[What could be better about the employment services system?]
“It’s not that I don’t understand the question but it’s just that I think it’s impossible to think of a positive outlook for this system. What I need from them is when I am in not a good place, they should be there to support me – if I am in a good place, I can job search myself, but you go in and they just want to send you to jobs that you are not ready for.
It would be not having to fight for every single little thing. It would be actual genuine support in looking for a job. I avoid going there because I get so anxious beforehand, knowing that I have to kind of corner them into doing something for me. You have to brace yourself because you will be made to feel that being unemployed is your fault.” – Suzie, unemployed worker, Perth, WA. July 2018.

This quote, from one of the attendees of our Perth focus group, summarises the findings of our research. The unemployed workers we interviewed say that the current employment services system is not offering genuine employment services to them and that it imposes requirements on them that do not improve their employment prospects but are linked to fees and ‘outcome payments’ for their jobactive provider. Few unemployed workers that we spoke to find attendance at employment agencies to be helpful in their search for lasting employment. On the contrary, most report their attendance at job agencies is a cost and a barrier to their search for work.

These focus groups brought the voices of unemployed people into our research, which investigates the history of employment services in Australia and the assumptions about the sources of unemployment and the reasons unemployed workers face challenges in finding work that underpin our current employment services system.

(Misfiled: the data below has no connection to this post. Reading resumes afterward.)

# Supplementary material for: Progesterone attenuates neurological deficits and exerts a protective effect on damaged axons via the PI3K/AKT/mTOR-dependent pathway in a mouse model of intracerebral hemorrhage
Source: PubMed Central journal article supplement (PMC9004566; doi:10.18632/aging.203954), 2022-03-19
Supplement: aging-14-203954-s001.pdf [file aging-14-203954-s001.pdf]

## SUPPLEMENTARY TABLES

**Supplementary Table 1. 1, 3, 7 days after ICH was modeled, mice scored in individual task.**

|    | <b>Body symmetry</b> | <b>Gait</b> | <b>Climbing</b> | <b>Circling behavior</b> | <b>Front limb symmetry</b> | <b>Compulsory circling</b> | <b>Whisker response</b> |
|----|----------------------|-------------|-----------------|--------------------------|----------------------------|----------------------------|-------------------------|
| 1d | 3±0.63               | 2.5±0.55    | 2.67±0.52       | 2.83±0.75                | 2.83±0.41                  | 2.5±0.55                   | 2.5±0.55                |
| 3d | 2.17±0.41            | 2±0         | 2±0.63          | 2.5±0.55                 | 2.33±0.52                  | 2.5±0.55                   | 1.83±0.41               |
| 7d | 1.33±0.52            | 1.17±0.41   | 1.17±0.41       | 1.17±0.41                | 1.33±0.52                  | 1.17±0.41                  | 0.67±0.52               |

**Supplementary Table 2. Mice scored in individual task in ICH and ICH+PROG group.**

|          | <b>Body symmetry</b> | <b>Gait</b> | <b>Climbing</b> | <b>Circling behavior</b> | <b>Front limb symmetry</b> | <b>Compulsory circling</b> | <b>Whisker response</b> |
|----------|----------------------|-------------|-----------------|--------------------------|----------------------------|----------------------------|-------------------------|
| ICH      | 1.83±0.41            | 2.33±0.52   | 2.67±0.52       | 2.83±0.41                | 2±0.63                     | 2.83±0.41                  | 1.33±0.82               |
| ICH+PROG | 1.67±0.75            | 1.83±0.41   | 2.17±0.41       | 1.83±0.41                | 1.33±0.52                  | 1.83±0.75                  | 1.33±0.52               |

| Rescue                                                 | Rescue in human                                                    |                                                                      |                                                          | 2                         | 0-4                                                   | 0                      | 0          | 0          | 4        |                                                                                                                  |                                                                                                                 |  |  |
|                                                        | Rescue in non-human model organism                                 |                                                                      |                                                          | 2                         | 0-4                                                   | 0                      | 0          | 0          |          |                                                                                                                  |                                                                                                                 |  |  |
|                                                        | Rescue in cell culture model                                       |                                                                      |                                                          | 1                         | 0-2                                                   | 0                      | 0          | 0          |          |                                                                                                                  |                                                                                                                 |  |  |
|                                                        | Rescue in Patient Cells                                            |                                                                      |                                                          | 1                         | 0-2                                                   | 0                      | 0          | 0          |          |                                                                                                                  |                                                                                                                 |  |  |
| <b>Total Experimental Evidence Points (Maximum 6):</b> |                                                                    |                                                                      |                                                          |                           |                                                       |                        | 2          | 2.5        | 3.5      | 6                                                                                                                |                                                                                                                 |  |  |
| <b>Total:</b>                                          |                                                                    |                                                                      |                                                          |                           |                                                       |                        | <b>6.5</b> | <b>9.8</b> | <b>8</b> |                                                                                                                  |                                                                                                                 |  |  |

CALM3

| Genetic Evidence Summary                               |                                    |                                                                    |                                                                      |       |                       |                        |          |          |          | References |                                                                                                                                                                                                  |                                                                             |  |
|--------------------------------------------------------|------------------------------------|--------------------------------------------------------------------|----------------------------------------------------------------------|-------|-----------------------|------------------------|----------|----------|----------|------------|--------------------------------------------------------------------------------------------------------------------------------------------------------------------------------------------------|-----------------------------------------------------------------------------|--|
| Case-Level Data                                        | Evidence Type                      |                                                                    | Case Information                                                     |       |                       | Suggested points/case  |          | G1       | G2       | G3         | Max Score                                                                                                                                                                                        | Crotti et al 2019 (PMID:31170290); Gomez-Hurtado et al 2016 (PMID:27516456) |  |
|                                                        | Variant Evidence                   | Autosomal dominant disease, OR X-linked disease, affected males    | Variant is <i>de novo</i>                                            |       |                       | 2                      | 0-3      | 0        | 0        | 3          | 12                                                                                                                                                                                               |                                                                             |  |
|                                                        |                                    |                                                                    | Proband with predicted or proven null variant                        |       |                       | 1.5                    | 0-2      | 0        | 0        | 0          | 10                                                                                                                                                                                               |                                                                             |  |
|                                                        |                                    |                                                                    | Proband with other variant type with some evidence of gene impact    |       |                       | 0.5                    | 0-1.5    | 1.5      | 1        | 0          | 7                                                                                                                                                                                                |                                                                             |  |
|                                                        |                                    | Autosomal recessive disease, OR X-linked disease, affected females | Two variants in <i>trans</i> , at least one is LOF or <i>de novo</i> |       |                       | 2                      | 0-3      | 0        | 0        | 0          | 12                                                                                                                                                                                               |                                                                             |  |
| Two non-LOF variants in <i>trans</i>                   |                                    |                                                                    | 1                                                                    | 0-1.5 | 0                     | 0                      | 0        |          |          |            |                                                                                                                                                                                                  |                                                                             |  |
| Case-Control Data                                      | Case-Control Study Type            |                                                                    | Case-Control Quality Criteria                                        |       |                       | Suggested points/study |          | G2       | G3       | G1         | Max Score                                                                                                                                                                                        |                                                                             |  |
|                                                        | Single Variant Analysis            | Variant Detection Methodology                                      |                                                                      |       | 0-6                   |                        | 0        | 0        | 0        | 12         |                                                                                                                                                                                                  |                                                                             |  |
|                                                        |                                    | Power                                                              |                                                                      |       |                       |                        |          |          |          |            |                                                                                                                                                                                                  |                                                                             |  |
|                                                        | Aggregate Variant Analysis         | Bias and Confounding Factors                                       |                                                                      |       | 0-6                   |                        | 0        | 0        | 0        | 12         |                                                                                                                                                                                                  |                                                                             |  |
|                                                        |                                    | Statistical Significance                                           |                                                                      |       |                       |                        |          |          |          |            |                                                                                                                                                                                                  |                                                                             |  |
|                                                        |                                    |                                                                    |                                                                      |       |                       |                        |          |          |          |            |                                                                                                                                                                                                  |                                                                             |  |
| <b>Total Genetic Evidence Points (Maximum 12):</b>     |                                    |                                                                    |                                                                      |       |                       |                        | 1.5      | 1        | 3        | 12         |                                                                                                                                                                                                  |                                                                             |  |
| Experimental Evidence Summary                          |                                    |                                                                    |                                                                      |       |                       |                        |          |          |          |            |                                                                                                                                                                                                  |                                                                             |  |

Employment services were first conceived in an era when Australia consistently averaged a two percent unemployment rate and were therefore premised on the assumption that there were enough jobs for all who wanted to work. The abandonment of a full employment policy in the mid 1970s changed this context. The ratio of ‘job seeker’ to job vacancy has since increased to the point where there are now eight job seekers for every available job, but employment services have not responded accordingly. The assumption remains that unemployed people could work if they wanted to. The result is arguably a system that penalises unemployed workers for not being in jobs that don’t exist.

“They’re a compliance agency for Centrelink, not an employment service.” – Paul, unemployed worker, Sydney, NSW. July 2018.

Given these fundamental problems, merely adjusting the current system of contracting and resource allocation will not adequately address the concerns demonstrated by our research. Some serious analysis and a reimagining of the core purpose and operation of jobactive is warranted. Our research has informed several recommendations for improving the employment services system.

Our Key Recommendations are:

1. A Government commitment to full employment and the enactment of policies to achieve this

2. The restoration of some market share of the employment services system to public service delivery

3. The establishment of an Employment Services Ombudsman

4. The separation of enforcement of mutual obligations from the provision of employment services, and the restoration of public sector responsibility for the imposition of penalties

5. The introduction of standardised training for employment services and limits on the maximum caseload size of consultants

6. An immediate increase in the rate of Newstart by $75 per week

7. An increase in Commonwealth Rent Assistance through indexing it to housing costs